Another hot, dry summer prompts fireworks warnings

Viewing Professional Shows Encouraged Over Personal Use

 Yet another hot, dry summer has fire officials in Scottsdale worried about wildfires in the city, and particularly in the McDowell Sonoran Preserve.  This has led to the concern about fireworks and the danger of sparks setting the north part of Scottsdale ablaze.

“This has become a yearly problem,” says Scottsdale Fire Chief Tom Shannon. “We really need the public to take advantage of other opportunities to celebrate July 4 than attempting a dangerous personal fireworks show.”

Shannon encourages the viewing of professional displays where safety measures are in place to quickly address any potential hazards. “Safety professionals and firefighters are at the ready to deal with these controlled shows. It is those events that occur due to personal use that have us scrambling,” he says.

Nationally on average, fireworks caused an estimated 19,500 reported fires, according to the National Fire Prevention Association. Annually, U.S. hospital emergency rooms treat an estimated 9,100 people for fireworks related injuries; 36 percent of those injuries were to children under the age of 15, says the NFPA. Sparklers accounted for 25 percent of the injuries.

Senate Bill 1158 allows for the sale of consumer fireworks from May 20 thru July 6.  Chief Shannon stresses that just because they are legal, doesn’t mean they are safe to use.  In Scottsdale, their use in and near many sensitive desert areas remains illegal and violators are subject to substantial fines. Use of fireworks is prohibited in the Scottsdale Preserve and Pinnacle Peak Park and all properties located within 1 mile of these fragile desert lands.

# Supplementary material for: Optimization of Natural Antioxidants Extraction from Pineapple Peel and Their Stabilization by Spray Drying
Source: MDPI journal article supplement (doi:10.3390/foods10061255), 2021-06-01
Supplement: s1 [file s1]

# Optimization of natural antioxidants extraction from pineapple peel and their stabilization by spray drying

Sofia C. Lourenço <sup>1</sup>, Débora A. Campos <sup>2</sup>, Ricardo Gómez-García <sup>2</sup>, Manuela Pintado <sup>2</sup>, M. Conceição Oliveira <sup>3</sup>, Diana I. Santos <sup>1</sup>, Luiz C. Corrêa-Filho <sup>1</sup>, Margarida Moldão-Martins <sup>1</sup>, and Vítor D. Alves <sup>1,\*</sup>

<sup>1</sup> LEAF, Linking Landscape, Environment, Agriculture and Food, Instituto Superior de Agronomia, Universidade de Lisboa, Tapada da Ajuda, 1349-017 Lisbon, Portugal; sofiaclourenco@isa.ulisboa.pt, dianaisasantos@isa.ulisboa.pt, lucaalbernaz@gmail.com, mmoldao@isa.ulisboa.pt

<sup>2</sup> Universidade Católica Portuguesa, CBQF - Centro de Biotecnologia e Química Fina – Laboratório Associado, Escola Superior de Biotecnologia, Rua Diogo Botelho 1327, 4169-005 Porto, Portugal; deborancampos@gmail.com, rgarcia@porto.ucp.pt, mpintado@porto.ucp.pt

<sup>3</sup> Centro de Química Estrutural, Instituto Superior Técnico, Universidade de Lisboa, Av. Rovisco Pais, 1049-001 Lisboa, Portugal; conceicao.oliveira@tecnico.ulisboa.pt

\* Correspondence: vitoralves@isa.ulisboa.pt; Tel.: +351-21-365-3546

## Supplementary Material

1. Regardless of the cause, it is important to know what to do if a brush fire breaks out. Wildland fires burn rapidly and winds often make them unpredictable. So, be very cautious when attempting to control a brush fire with a garden hose. Call the fire department for assistance every time. Dial 9-1-1.
  2. Report brush fires immediately by dialing 911. Never assume someone else will make the call.
  3. Back your car into the garage or park it in an open space facing the direction of escape. Shut doors and roll up windows. Leave keys in ignition. Close garage doors/windows. Disconnect automatic garage openers.
  4. Confine pets to one room. Make plans to care for pets in case you must evacuate.
  5. Follow instructions of emergency personnel. If advised to evacuate, do so immediately.
  6. Lock your home. Tell someone when you left and where you're going. Choose a route away from fire hazard. Watch for changes in fire's speed and direction.   

The National Fire Protection Alliance (NFPA) has a FREE 20-minute course that covers the basics of wildfire. Learn morelinks to external site of what you can do to protect your home.

Get a wildland fire safety assessmentlinks to external site.


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